Reducing the complex world of our experience to the simplicity of a finite number of elements parallels Chapter Two’s reduction of the unique to the generic through language and measure. Uniqueness is an illusion: all objects are merely different permutations of identical, generic protons, neutrons, and electrons (let’s keep it simple for now). The Reductionist program considers two examples of a single element to be identical. An electron is an electron is an electron. The same goes for a proton, a neutron, and thus everything built from them—all atoms, all matter. Certainty and control both demand this genericness. Once we reduce a thing to its elements, then we have fully characterized it. There are no more variables, no individuality or uniqueness beyond our grasp. Reductionism says that the reduction of infinite reality into a finite set of labels and data is not actually a reduction at all. If taken far enough, label and number can fully encompass reality, leaving nothing out.
It would be a disaster for Reductionism, then, if each bit of matter in the universe were unique, if each drop of water were different from any other, if each electron had its own personality. Of course, this is precisely how pre-technological people see the world. Animists see a spirit in everything, so that no rock is just a rock, no dandelion is just a dandelion, no drop of water just a drop of water. Each has an individuality that no fineness of labeling can ever capture. Strangely enough, quantum mechanics appears to confirm precisely this. In identical experimental circumstances, two electrons will behave differently, as if each had a different personality. Conventional interpretation deals with this situation probabilistically, insisting that the two are still identical. The possibility is rarely considered that any two bits of matter in the universe are irreducibly unique, for this would torpedo the Reductionist program and put reality forever beyond complete description and control. Quantum mechanical interpretations such as that of David Bohm, whose “hidden variables” encode an admission that electrons that behave differently are different, are therefore anathema to the scientific establishment. In the end, they lead us back to animism. The same goes for the dawning realization that water is not a uniform fluid but that, indeed, each drop of water on the planet is structurally unique. Mainstream science has long ignored this information, because it does not accord with the program of reducing reality to a handful of generic elements, or “building blocks”. In this phrase we see again the program’s motivation: that we too might use these “building blocks” to construct an improved reality of our choosing.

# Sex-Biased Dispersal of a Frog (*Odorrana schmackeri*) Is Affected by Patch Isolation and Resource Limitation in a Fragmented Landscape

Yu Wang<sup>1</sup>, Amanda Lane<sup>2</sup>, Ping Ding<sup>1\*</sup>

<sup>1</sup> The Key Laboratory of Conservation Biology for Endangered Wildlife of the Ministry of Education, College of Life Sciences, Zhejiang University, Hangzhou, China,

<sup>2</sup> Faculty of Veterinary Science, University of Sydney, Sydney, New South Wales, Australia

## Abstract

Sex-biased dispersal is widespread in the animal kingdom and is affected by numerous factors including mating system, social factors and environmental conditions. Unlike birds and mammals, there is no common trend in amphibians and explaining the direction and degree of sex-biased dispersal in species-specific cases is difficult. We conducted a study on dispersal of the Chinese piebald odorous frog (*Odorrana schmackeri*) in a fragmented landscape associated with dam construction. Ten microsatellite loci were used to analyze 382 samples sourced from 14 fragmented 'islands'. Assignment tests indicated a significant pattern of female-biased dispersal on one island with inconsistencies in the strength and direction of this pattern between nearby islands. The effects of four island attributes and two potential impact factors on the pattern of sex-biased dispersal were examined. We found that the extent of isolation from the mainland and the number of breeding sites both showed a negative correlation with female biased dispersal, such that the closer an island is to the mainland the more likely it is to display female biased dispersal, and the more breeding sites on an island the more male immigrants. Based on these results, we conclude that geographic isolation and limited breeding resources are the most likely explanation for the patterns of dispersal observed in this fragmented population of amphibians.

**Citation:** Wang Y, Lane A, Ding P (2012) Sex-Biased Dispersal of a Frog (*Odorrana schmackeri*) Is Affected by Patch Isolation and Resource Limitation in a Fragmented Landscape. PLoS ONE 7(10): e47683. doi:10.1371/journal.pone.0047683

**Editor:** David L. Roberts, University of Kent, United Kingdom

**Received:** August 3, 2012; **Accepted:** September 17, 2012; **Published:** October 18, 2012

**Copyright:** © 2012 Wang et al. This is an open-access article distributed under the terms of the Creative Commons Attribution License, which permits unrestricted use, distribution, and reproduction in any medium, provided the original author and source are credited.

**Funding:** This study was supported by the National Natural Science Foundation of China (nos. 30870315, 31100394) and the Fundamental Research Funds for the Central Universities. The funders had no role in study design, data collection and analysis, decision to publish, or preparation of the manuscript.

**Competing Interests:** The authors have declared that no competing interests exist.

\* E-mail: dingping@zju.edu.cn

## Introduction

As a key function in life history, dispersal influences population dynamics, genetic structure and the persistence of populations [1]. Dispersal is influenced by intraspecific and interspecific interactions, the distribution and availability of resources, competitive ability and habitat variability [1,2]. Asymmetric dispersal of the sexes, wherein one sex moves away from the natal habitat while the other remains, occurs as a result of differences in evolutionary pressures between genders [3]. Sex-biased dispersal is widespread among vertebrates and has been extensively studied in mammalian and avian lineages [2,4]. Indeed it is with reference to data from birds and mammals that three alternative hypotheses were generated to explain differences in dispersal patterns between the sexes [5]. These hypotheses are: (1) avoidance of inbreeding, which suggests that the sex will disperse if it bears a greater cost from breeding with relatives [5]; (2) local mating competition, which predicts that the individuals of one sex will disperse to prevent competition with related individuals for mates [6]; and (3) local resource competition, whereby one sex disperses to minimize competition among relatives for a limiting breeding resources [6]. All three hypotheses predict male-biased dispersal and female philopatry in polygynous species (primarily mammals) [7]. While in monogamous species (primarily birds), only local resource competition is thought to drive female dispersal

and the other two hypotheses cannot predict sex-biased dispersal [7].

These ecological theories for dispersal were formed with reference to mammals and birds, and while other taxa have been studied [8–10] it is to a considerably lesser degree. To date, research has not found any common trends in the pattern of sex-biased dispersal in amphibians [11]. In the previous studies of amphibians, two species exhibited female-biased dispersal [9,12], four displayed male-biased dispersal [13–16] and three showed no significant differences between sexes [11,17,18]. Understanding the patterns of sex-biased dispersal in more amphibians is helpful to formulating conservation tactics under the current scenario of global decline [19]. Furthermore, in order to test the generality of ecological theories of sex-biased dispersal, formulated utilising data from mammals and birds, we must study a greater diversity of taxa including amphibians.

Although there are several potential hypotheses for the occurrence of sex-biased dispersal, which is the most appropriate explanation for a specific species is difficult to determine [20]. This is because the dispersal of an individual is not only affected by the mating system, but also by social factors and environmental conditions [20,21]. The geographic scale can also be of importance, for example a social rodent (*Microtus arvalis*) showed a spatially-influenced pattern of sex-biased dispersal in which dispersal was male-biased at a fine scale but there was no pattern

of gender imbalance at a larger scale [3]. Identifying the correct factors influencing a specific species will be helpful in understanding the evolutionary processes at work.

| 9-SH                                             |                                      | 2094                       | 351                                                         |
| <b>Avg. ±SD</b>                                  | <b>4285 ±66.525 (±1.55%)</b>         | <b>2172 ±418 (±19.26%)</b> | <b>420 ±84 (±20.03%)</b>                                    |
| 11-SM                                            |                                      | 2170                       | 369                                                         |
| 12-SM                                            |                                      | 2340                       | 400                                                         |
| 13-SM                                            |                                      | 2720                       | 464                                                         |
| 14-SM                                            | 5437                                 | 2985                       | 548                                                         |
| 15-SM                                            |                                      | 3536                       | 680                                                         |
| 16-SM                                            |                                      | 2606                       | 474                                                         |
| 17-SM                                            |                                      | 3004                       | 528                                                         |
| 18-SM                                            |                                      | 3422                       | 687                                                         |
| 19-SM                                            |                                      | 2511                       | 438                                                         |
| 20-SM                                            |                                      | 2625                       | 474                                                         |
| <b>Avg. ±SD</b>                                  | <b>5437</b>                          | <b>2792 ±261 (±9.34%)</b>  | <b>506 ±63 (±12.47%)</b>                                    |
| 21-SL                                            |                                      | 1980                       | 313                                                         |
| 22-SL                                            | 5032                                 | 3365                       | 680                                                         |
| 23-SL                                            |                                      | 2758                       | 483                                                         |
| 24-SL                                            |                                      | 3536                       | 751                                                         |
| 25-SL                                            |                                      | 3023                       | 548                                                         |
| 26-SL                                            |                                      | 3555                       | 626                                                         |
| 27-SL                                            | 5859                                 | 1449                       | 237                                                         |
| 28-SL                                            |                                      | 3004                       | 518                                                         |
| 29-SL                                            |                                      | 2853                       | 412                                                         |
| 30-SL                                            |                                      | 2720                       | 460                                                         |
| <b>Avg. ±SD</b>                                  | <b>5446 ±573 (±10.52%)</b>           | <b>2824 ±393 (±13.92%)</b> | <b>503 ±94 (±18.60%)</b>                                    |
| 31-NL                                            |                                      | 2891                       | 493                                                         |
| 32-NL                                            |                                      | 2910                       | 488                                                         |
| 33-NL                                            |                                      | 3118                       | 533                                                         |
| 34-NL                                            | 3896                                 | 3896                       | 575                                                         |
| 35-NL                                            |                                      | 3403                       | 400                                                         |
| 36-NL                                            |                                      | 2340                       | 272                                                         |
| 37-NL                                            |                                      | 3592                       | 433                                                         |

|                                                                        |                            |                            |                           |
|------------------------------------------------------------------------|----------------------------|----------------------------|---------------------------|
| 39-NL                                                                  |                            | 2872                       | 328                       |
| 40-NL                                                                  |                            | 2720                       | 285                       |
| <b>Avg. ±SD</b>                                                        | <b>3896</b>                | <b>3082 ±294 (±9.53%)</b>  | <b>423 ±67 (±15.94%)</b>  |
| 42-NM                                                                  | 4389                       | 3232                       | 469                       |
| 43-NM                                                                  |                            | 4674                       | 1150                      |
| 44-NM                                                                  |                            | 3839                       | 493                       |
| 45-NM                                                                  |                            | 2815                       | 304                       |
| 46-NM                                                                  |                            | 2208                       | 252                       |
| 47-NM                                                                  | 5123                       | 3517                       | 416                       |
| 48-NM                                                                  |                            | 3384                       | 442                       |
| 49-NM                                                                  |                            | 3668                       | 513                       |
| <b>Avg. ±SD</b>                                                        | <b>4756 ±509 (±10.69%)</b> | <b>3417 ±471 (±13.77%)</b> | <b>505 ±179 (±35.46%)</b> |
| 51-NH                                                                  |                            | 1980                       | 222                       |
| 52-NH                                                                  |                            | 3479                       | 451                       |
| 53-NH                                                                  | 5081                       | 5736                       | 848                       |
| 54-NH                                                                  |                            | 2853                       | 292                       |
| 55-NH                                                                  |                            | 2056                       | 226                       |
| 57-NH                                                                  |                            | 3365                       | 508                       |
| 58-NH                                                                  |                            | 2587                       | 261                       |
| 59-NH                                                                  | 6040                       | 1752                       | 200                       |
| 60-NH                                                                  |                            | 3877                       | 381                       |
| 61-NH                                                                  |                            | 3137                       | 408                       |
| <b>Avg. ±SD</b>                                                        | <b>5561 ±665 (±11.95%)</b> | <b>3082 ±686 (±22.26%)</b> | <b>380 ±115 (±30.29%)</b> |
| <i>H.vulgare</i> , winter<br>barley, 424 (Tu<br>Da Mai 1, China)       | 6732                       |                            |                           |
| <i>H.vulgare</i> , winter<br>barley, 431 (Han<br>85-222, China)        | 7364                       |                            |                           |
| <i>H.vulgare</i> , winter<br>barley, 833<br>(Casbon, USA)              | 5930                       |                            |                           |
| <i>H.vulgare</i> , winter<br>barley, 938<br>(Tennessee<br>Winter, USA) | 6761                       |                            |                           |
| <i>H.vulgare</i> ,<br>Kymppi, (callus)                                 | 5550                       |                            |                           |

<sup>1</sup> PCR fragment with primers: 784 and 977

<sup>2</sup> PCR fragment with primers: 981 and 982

The power and certainty we get from reducing nature to its elements only applies to the extent that these elements are indeed fundamental. Perhaps that explains the enormous institutional resistance to the research of Louis Kervran, an eminent French chemist who produced, back in the 1960s, compelling evidence for the routine, low-temperature biological transmutation of certain elements. It also drove the (successful) attempt to explain the seemingly arbitrary, messy, complex properties of the chemical elements in terms of just a few simple subatomic particles, followed by the (less successful) attempt to unify various subatomic forces—with their apparently arbitrary values—into a single unified force comprising the “Theory of Everything” referred to above. Today, the ambition to reduce everything to a few basic building blocks is in deep trouble as a burgeoning menagerie of “fundamental” particles, outnumbering even the original 92 chemical elements, is required to account for all the observed interactions of physics. We are told that physicists are closing in on a Unified Field Theory that would reduce these particles, again, to just so many permutations of something even more fundamental. The parallel between this Theory of Everything, just around the corner since the time of Einstein, and technological Utopia is quite striking. It’s just a matter of a few more discoveries.
Can we build a better version of reality with finite building blocks? Only if reality itself is finite too. Can we build a tower to heaven? Only if the sky is a finite distance away. Interestingly, the cosmology that is orthodox at the time of this writing posits a finite universe: bounded in the macroscopic direction and discrete in the microscopic. The first limit is the product of Big Bang cosmology; the second of the quantization of time and space. All possible variables in the universe have a finite range of values. The number of resulting permutations is more than astronomical, and for all practical purposes infinite, but it reinforces a conceit that has been with us since the seventeenth century: the entire universe is nothing but a number. There is no aspect of reality that might not someday be brought into the human realm.